Monday, January 28, 2013

Korvapuusti - earslap - cinnamon buns

Yesterday  I made "korvapuusti" for the ladies' night, a friend's special request :).
Mot a mot translation of korvapuusti is earslap, however it is much more pleasant :D.
We had so much fun with the name, looking for the similarities between the Hungarian and the Finnish language.
A friend (trying to repeat the name to remember) called them kurvapusti :D, (kurva=bitch in Hungarian), so we couldn't stop playn' with the languages and further "translate" puusti to puszi (=kiss in Hungarian), and giggled like crazy thinking how she will go home in the middle of the night and tell hubby she brought him some kurvapuszi (bitch's kiss) in her pocket.
Soo, as you see our languages are really related, we could right away find some meaningful interpretation of korvapuusti in Hungarian.

Now back to the recipe, korvapuusti is not difficult to prepare, however as all yeast based goodies takes some time to rise.

Ingredients (makes ~16 BIG buns, roll it thinner and make a smaller roll with smaller buns and you'll get the double amount)
500 ml milk (2 cups)
2 tsp (2 bags) dry yeast
1 egg
200 ml sugar (a bit less than 2 cups)
150 g butter (a bit less then 1 1/2 stick)
1 tbsp minced cardamom seed
1 tsp salt
~900-1000 g (~2.2 lb) all purpose (bread) flour, 1300-1500 ml (5-6 cups)
1 tsp vanilla sugar or the seeds of 1 vanilla bean (optional)

50 g sugar (3 large tbsp, 4 smaller tbsp)
50 g butter (1/2 stick)
2 large tbsp cinnamon (for kids maybe more sugar and less cinnamon, as with too much cinnamon can become spicy).
if you made small buns and ran out of butter you'll have to use a bit more butter & sugar-cinnamon mix

1 egg
1-2 tbsp water
pearl sugar (can be replaced with nubbly brown sugar)

Warm up 1 dl milk to ~hand warm, let the yeast to trot for couple of minutes.
Add to the rest of the milk, whisk in sugar, egg, salt and cardamom.
Stir in slowly the flour until you get a dough that starts not to stick anymore neither to the walls of the bowl nor your hands.
Melt the butter, knead it in the dough, and continue kneading until you get a smooth dough. Add more flour if needed until the dough does not stick to your fingers.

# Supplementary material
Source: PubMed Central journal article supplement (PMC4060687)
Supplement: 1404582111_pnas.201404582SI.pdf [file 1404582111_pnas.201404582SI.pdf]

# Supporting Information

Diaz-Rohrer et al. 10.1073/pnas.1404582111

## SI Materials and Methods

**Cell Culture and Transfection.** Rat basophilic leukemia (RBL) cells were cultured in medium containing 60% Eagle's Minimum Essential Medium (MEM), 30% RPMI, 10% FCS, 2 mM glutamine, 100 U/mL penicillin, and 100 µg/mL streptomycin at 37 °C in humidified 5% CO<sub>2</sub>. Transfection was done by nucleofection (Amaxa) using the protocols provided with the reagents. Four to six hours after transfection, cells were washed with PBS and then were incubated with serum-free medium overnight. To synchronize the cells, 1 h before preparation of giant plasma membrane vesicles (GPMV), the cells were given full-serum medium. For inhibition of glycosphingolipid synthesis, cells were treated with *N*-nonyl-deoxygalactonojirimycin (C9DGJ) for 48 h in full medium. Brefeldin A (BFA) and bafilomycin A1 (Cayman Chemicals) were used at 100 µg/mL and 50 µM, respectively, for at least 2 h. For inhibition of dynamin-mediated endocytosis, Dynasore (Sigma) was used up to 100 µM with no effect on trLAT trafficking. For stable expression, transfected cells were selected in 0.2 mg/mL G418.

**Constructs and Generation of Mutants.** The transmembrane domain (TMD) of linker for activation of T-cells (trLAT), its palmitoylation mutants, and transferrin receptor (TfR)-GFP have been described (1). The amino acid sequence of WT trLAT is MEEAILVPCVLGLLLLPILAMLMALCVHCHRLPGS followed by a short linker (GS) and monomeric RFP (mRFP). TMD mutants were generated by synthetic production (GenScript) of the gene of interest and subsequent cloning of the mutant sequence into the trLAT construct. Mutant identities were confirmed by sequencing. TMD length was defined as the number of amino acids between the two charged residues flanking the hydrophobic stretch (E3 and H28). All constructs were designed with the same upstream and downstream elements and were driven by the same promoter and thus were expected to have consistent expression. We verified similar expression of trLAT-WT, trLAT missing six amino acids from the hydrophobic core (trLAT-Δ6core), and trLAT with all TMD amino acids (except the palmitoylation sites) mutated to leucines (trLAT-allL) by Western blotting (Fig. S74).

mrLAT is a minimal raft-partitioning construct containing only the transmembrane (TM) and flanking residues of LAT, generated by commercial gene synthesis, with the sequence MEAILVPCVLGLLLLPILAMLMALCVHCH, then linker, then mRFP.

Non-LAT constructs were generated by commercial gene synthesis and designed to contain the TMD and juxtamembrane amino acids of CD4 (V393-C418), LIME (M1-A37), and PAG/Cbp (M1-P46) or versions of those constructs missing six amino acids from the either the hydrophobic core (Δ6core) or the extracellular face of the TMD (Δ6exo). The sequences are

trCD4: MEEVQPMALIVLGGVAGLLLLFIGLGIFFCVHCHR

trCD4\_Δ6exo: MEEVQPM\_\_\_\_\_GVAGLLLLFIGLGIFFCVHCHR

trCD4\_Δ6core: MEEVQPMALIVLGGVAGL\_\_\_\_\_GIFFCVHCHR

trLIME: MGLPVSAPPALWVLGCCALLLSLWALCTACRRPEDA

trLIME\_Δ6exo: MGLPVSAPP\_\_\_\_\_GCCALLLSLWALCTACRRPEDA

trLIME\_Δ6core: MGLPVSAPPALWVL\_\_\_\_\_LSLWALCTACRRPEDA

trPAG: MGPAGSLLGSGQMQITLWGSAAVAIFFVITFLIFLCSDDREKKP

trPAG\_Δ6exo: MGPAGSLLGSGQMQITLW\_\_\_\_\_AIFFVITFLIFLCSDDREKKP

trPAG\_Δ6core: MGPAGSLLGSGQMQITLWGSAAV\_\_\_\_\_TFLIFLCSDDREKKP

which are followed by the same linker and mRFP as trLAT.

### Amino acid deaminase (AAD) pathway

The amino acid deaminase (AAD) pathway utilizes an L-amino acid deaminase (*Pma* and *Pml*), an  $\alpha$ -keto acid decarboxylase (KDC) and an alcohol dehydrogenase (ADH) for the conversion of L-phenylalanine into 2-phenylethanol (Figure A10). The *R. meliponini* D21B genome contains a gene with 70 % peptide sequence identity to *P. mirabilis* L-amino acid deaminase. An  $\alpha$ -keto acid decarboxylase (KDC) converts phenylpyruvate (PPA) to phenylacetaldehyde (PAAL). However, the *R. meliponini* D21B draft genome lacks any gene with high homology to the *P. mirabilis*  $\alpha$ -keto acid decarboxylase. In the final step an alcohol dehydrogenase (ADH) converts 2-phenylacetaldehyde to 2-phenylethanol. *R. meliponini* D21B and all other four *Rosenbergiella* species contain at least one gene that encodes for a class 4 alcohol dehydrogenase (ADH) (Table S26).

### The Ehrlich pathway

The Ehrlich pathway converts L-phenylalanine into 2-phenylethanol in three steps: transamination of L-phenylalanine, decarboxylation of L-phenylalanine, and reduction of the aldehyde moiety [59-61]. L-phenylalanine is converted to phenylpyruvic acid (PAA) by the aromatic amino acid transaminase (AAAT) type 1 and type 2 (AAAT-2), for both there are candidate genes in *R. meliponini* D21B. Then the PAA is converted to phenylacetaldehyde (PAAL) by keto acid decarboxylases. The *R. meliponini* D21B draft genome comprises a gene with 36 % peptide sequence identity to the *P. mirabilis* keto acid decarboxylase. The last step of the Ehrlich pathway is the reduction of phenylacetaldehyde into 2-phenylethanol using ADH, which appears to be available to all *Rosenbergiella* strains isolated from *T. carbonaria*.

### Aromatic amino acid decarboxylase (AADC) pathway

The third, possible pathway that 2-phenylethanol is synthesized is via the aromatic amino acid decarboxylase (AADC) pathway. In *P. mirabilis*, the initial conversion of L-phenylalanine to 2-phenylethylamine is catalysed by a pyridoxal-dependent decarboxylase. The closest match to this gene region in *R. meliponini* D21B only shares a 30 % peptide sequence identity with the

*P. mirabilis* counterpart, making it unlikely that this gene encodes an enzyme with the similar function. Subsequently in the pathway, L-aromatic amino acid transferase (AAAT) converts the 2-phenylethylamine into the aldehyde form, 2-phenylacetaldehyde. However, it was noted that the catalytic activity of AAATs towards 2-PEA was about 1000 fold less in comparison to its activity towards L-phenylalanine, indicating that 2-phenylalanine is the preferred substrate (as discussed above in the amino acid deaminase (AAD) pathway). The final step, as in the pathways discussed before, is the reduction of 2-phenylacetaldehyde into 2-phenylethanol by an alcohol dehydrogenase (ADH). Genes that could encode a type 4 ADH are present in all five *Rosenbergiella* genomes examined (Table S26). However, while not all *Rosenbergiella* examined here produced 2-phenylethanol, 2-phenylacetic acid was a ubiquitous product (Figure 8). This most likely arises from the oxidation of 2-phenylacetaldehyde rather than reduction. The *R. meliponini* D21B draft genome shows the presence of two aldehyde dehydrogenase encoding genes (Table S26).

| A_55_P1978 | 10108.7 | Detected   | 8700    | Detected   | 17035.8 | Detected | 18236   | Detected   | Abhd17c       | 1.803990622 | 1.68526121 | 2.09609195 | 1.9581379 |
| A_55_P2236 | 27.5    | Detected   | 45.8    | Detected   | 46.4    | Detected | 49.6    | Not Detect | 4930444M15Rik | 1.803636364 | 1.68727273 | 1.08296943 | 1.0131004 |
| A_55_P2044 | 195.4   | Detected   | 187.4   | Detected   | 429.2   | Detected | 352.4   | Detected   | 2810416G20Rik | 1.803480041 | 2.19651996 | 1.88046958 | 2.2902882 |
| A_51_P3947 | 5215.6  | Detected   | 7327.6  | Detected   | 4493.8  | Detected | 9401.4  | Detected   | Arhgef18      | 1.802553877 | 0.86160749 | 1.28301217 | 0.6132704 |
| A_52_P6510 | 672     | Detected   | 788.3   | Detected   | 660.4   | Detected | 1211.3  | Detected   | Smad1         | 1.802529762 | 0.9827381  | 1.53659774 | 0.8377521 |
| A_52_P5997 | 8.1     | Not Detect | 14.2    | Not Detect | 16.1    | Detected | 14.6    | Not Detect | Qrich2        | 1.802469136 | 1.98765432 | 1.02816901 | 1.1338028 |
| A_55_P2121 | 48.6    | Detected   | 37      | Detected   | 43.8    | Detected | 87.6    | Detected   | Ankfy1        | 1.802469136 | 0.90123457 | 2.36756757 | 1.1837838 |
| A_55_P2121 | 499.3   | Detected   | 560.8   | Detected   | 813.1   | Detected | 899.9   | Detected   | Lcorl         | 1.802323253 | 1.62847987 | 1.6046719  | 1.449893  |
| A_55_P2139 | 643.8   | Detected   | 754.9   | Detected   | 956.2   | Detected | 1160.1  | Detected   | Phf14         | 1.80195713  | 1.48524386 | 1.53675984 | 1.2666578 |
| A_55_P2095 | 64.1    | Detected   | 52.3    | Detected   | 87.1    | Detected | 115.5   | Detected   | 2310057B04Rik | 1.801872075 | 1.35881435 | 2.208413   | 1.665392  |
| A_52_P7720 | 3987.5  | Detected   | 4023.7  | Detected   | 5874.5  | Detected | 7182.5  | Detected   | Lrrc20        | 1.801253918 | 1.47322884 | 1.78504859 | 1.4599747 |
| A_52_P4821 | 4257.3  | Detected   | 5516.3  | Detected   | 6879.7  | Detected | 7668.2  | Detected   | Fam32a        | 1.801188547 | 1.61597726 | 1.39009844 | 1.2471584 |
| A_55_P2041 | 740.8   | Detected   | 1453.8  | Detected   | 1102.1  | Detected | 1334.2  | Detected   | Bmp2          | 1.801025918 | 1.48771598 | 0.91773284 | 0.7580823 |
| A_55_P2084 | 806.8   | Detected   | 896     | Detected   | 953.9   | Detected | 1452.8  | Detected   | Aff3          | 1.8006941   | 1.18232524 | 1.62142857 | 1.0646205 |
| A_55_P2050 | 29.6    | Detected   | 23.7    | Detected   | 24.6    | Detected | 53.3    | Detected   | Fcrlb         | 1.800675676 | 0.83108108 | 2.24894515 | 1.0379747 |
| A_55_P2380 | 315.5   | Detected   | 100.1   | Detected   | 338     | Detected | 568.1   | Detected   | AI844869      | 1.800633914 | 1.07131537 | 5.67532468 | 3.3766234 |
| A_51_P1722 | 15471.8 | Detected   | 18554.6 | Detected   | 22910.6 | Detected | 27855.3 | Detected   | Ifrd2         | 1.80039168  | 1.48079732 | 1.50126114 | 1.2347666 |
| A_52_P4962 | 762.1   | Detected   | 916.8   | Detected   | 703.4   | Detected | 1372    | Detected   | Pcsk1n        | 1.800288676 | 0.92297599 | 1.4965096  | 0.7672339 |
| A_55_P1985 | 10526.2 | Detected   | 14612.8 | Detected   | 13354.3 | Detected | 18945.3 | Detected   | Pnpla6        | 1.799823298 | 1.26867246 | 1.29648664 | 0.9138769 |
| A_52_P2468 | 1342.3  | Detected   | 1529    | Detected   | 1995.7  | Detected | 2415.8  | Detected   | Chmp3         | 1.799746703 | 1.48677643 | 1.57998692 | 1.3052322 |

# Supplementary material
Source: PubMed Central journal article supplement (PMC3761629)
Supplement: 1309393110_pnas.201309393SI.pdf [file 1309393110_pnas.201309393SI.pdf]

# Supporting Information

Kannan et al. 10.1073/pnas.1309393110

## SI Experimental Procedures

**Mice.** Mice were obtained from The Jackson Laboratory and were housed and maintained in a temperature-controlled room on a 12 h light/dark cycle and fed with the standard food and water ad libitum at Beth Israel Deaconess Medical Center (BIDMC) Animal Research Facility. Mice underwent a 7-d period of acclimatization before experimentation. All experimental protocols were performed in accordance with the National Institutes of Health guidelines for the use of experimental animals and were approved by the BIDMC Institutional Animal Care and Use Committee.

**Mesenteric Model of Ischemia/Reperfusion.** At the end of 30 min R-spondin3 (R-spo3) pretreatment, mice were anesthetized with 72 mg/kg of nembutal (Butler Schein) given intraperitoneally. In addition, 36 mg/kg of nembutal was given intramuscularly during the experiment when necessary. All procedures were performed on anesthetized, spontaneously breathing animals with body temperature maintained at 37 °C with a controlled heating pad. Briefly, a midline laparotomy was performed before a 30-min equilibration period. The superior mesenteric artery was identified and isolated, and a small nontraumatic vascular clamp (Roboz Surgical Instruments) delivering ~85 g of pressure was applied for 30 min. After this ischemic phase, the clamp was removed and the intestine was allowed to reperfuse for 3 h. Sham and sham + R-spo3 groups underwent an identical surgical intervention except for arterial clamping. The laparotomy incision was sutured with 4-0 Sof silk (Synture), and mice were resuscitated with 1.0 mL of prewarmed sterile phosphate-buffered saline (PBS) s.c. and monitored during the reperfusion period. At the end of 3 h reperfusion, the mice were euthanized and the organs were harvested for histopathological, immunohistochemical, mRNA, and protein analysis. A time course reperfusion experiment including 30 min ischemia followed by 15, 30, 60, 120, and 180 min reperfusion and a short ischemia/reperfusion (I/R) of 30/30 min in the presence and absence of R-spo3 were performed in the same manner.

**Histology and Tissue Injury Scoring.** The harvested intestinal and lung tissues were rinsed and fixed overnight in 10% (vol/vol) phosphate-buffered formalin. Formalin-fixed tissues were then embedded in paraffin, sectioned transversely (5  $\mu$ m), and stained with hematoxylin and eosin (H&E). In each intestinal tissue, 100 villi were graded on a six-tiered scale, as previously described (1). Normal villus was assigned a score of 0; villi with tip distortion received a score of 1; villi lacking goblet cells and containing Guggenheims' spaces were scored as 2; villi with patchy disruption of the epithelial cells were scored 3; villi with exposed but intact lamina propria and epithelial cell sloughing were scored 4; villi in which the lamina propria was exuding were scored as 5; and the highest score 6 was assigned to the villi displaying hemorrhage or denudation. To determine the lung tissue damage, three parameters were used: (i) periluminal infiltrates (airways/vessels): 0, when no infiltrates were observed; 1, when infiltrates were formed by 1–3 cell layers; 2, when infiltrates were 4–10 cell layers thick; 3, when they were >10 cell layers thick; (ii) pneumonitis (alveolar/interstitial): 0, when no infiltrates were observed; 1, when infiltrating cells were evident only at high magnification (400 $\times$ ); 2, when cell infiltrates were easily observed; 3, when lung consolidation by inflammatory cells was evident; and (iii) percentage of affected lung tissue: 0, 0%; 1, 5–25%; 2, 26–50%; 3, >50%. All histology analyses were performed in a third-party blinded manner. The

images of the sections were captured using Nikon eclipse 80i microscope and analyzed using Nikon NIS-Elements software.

As usual, you should "work" some air in the dough, to be light.
Let it rise for 45-60 minutes, to about double size (if your room is cold, let it rise as long as it needs, it really makes a difference).
Divide the dough into 2-3 portions, easier to work with. Knead each part again to "get rid of" the air bubbles from the dough. Let is rise again for about 15 minutes.
On a silicon mat roll out the dough in a rectangle, about 0.5 cm thick (thinner for smaller rolls).
Melt the butter, spread on the dough just enough to have it covered well, sprinkle the sugar-cinnamon mix on top until the butter doesn't soak any more in.
Roll it up in a roll, and let it stay for 15 more minutes.

Now cut it in trapezoids, turn the pieces with the thinner side up, press the middle down with your finger, and let it stay for another 15 minutes.
Brush them with the water-egg mix, sprinkle pearl sugar on top, and place them in trays covered with parchment paper.
In a preheated oven, at 225 C (435 F), bake them for 15-17 minutes until light golden-brown.
Serve fresh, slightly warm are best.
They are a perfect snack for cold winter days, we took them with us to the ski slopes with a thermos of hot chocolate, and in the forest for our hikes..

No comments:

Post a Comment